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A replica of the official pilgrim’s sign is released in Vatican

On the occasion of the Extraordinary Jubilee Year, the Apostolic Library of Vatican for the first time in history gave its permission to make the official sign of a pilgrim according to the pattern of the ancient relic Testimonium, which is kept in its funds.

A little square Testimonium Plaque with the images of Saint Apostles Peter and Paul is preserved in the famous collection of coins and medals of the Apostolic Library. It approximately dates back to the beginning of the 11th century. Such symbols, made of lead or tin, the medieval pilgrims, who were making a pilgrimage to the Holy City, received from Roman canons and attached them to their clothes or travelling bags. These signs were the testimonies (testimonium, in Latin) of the undertaken pilgrimage, granting their owners a number of privileges.

A replica of the official pilgrim's sign is released in Vatican

«Pilgrimage to Rome began soon after the introduction of Christianity, when the believers had a desire to make a visit ad limina apostolorum, that is, to visit the burial sites of Apostles Peter and Paul, which, according to the Christian faith and tradition, are located in Vatican and on a Roman road via Ostience. This practice reached its highest peak in the 14th century,” — said the Archivist and Librarian of the Roman Catholic Church, French archbishop Jean Louis Bruguès.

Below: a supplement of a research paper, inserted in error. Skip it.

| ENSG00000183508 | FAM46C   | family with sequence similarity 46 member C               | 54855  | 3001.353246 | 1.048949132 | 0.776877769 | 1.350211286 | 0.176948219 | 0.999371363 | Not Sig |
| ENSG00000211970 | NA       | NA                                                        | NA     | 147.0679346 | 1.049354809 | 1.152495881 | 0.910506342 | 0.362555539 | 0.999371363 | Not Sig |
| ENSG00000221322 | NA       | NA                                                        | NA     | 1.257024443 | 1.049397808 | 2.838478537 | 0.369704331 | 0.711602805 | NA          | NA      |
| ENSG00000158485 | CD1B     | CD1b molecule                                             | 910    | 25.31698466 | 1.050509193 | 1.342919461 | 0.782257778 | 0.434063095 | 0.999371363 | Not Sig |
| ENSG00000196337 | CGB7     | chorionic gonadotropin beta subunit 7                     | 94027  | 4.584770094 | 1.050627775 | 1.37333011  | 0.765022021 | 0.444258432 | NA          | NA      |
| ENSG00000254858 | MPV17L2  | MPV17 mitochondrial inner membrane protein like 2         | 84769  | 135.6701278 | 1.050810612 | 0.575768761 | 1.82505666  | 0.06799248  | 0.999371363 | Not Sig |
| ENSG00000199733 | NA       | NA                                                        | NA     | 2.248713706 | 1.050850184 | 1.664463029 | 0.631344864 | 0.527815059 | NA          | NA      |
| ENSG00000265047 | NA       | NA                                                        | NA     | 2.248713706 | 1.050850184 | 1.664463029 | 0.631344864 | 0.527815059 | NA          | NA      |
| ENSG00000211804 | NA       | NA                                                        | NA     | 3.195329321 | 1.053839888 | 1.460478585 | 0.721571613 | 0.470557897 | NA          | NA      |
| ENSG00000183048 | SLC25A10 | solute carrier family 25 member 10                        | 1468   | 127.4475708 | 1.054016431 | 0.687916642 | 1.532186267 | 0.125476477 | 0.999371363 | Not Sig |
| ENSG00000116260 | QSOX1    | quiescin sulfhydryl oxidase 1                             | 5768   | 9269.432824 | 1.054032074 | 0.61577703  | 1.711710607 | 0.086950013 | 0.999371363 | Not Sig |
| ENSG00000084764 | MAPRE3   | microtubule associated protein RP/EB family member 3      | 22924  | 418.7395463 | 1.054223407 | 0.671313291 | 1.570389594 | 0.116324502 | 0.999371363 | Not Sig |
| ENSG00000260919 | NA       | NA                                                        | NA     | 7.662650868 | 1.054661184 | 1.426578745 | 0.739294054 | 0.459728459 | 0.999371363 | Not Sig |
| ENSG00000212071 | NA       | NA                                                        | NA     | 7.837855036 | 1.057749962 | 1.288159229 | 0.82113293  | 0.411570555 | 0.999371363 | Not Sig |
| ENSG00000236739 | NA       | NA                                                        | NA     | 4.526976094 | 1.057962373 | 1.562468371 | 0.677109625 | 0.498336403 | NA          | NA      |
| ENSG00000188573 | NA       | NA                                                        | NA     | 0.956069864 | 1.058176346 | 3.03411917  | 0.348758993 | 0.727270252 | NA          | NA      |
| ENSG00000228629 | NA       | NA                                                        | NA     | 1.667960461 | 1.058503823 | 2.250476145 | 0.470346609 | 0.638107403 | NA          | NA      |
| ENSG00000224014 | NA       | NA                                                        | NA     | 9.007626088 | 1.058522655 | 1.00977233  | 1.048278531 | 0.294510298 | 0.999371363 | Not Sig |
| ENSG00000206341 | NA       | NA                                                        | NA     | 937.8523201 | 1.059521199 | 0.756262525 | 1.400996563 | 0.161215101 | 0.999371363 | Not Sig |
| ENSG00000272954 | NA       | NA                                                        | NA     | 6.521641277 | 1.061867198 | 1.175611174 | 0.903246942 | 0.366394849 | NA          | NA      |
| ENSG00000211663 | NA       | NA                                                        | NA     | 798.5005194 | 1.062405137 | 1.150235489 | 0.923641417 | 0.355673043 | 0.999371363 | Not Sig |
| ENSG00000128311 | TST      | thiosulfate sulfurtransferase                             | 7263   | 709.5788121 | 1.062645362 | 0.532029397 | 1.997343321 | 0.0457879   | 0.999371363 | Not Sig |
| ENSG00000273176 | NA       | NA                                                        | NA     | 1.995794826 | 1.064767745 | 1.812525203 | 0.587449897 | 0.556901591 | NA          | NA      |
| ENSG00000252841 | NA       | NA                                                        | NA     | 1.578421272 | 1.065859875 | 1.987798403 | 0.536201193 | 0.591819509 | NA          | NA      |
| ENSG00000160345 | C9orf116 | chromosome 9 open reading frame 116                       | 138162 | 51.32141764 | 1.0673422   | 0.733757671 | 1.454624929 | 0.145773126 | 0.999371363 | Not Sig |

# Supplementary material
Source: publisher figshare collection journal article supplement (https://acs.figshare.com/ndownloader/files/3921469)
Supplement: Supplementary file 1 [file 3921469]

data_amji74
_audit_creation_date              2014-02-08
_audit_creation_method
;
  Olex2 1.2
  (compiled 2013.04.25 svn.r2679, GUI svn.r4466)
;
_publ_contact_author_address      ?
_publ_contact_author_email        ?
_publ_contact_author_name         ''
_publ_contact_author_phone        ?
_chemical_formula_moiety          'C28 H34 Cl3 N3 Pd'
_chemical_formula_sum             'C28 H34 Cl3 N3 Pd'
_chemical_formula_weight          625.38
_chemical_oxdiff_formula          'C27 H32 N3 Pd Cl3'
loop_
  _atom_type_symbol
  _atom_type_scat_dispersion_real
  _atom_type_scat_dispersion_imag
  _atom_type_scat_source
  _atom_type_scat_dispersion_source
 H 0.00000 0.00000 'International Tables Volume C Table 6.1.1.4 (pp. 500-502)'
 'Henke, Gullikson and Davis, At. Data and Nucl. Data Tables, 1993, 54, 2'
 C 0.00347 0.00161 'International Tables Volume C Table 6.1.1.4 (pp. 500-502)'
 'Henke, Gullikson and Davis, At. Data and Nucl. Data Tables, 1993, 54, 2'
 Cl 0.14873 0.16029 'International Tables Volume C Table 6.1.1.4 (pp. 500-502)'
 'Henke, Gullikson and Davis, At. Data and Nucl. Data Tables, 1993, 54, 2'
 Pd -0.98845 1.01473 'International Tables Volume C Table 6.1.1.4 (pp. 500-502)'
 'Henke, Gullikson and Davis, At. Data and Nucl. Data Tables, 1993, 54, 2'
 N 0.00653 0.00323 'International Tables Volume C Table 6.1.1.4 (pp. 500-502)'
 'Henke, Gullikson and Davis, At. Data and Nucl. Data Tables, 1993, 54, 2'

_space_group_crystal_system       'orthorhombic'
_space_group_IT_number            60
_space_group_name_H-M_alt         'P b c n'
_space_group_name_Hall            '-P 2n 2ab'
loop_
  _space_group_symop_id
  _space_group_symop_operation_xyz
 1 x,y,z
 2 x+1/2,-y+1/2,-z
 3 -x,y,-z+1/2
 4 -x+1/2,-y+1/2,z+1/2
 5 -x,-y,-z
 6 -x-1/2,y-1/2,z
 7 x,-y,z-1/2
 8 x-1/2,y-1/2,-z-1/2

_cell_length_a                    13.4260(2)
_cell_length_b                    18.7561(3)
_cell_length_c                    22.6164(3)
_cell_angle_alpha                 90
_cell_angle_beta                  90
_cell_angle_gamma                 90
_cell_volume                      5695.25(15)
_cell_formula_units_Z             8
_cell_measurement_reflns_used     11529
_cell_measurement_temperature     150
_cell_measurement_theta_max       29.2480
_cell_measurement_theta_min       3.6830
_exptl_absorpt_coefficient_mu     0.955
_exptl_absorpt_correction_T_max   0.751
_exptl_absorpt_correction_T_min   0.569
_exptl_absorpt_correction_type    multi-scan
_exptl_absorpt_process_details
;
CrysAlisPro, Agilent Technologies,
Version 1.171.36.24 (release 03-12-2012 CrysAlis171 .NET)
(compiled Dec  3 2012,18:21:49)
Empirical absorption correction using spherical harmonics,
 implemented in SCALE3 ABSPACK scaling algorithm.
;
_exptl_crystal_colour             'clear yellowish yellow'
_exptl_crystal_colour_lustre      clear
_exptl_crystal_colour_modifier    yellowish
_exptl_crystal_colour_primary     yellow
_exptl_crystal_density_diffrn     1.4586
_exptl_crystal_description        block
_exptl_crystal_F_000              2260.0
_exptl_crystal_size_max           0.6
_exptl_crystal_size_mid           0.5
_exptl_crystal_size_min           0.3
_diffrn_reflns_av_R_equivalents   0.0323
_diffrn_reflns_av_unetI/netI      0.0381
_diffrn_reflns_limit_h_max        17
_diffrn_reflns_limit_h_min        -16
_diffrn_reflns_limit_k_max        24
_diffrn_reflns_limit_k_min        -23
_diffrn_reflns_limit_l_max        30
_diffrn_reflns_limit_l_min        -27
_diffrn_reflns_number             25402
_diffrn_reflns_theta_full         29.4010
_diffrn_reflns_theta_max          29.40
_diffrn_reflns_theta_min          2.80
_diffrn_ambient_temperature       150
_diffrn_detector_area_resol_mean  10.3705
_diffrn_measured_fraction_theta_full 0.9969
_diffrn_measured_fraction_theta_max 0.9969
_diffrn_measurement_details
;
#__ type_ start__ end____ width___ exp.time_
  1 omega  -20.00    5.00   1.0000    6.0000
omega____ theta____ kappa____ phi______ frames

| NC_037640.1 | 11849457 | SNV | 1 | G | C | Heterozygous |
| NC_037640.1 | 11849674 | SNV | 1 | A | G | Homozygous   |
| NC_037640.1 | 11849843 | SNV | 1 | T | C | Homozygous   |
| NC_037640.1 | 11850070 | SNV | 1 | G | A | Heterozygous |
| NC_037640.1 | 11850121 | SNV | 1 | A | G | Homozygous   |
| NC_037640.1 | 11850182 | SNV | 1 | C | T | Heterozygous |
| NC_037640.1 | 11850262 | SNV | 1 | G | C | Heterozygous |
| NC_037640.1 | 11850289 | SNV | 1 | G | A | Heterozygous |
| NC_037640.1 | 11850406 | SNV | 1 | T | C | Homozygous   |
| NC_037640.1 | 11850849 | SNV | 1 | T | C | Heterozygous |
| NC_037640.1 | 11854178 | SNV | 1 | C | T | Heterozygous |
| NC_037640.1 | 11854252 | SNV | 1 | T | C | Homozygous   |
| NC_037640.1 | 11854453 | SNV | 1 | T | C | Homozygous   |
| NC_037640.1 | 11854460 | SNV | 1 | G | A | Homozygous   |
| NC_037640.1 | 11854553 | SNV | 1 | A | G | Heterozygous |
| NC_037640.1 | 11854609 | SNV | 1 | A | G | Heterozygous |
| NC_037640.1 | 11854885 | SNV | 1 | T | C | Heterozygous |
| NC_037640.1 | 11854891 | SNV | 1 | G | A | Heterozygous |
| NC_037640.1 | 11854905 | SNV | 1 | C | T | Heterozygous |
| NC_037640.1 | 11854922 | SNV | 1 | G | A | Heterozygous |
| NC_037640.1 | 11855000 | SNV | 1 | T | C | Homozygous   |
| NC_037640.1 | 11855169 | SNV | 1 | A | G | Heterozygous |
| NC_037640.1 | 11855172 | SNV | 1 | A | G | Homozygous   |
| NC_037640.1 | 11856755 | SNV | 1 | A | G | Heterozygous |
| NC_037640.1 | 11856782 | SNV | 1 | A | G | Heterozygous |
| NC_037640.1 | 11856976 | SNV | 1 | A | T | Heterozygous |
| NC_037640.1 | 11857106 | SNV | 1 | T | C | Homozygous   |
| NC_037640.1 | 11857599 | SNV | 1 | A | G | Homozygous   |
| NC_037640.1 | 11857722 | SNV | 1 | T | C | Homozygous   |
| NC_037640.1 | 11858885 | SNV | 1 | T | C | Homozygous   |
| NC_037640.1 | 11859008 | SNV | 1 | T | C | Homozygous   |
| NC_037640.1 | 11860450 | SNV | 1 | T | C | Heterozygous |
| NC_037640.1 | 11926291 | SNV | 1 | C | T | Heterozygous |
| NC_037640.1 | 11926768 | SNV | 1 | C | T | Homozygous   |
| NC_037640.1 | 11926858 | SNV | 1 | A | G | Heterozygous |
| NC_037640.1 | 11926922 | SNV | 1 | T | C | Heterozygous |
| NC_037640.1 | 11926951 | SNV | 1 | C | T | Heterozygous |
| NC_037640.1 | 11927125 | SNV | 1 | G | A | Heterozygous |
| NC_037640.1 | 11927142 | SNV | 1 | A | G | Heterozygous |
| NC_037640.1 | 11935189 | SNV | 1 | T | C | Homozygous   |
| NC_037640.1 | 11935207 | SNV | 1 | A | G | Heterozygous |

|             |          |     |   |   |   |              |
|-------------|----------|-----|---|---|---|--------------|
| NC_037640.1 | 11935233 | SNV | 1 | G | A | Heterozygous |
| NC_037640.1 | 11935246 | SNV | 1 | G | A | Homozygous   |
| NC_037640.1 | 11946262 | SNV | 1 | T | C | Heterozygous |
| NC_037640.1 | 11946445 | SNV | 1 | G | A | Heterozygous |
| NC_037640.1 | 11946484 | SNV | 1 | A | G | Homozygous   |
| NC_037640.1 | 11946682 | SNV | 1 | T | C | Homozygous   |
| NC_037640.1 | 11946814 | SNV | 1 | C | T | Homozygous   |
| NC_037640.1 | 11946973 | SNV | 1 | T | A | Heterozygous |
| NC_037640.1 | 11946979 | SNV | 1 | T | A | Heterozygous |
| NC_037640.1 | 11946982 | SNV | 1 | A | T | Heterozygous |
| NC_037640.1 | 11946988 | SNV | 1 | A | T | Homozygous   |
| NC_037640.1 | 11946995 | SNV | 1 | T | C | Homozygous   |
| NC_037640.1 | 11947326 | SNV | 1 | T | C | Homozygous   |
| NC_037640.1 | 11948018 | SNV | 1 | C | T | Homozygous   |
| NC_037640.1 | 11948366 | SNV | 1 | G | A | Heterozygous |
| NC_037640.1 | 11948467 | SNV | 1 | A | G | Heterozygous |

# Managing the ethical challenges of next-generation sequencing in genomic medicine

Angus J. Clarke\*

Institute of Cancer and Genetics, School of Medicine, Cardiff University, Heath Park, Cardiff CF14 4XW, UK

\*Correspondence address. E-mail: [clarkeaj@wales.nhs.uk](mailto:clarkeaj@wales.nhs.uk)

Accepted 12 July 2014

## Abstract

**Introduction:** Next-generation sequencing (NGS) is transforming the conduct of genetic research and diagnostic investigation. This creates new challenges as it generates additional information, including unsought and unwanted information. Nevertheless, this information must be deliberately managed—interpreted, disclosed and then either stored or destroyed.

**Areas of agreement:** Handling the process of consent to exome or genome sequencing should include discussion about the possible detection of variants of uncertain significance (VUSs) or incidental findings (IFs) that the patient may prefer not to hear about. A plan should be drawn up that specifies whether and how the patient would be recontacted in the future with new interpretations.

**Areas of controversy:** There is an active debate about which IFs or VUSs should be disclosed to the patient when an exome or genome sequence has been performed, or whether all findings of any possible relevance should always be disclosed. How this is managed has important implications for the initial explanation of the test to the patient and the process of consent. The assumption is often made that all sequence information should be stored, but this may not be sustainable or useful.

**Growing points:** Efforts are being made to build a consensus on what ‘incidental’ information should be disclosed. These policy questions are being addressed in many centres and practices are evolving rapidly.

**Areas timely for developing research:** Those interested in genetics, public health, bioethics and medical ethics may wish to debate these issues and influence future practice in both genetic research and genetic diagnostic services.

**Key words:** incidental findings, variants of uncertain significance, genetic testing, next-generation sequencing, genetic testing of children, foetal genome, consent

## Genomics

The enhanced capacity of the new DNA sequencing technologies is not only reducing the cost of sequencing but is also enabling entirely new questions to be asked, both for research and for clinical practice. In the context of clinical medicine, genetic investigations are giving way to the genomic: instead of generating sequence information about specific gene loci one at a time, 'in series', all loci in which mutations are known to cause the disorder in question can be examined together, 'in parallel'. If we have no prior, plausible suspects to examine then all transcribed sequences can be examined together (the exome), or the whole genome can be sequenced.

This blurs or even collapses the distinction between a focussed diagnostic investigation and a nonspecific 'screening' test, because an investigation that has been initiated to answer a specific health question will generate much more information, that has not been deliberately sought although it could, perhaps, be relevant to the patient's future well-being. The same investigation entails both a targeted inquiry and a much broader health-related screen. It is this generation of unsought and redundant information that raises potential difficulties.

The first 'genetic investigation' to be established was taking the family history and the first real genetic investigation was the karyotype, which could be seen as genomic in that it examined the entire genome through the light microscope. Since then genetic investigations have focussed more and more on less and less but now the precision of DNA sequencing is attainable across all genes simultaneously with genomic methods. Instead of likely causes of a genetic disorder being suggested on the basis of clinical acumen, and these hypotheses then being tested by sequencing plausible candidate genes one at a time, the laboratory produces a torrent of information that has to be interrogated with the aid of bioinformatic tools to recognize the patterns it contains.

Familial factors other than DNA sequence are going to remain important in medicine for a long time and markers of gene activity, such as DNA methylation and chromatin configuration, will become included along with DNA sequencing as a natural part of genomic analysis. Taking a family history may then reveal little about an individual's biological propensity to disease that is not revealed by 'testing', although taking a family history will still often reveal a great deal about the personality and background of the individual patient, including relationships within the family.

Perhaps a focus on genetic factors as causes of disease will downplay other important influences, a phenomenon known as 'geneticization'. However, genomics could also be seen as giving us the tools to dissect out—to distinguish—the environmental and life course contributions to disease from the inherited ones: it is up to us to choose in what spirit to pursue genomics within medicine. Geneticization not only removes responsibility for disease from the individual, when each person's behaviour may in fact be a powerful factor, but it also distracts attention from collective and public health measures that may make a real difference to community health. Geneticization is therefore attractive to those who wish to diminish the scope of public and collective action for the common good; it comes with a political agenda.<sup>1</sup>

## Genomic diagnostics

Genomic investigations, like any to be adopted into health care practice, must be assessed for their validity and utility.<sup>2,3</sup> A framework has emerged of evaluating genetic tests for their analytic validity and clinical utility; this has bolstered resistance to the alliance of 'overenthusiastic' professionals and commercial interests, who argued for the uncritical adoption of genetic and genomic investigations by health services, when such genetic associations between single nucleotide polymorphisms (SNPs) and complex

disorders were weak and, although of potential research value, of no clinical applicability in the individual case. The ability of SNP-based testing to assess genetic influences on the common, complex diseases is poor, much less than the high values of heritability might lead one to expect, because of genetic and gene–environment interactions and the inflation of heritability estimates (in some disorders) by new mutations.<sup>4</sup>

According to the archbishop, the believers, who made their pilgrimages in the Middle Ages, left their homelands being fully aware of the hardships of the journey lying ahead of them, and of the dangers involved with it.

“These pilgrims were traveling on foot walking 30 to 40 kilometers a day, and they always had to be on the alert, lest they become an easy target for some highwaymen. Throughout these journeys, they were suffering from sicknesses, which made their destination even farther from them. Due to all these reasons, many of the pilgrims left their last will, for they did not always had the hope of returning home safely,” — noted archbishop Jean Louis Bruguès.

Bruguès pointed out that, unlike the present pilgrims, the medieval pilgrims had a number of various privileges. So, for example, they were freed from paying the road toll; they had the right to receive alms, and to stay in hospitals and some other public places free of charge.

“On their way back from Rome, they could be easily recognized because of the special signs with the images of Saint Peter and Saint Paul, sewed to their cloaks, as a testimony of the pilgrimage they had made. One such plate is preserved in our collection of coins and medals, and the Apostolic Library of Vatican has authorized a faithful reproduction of it.”

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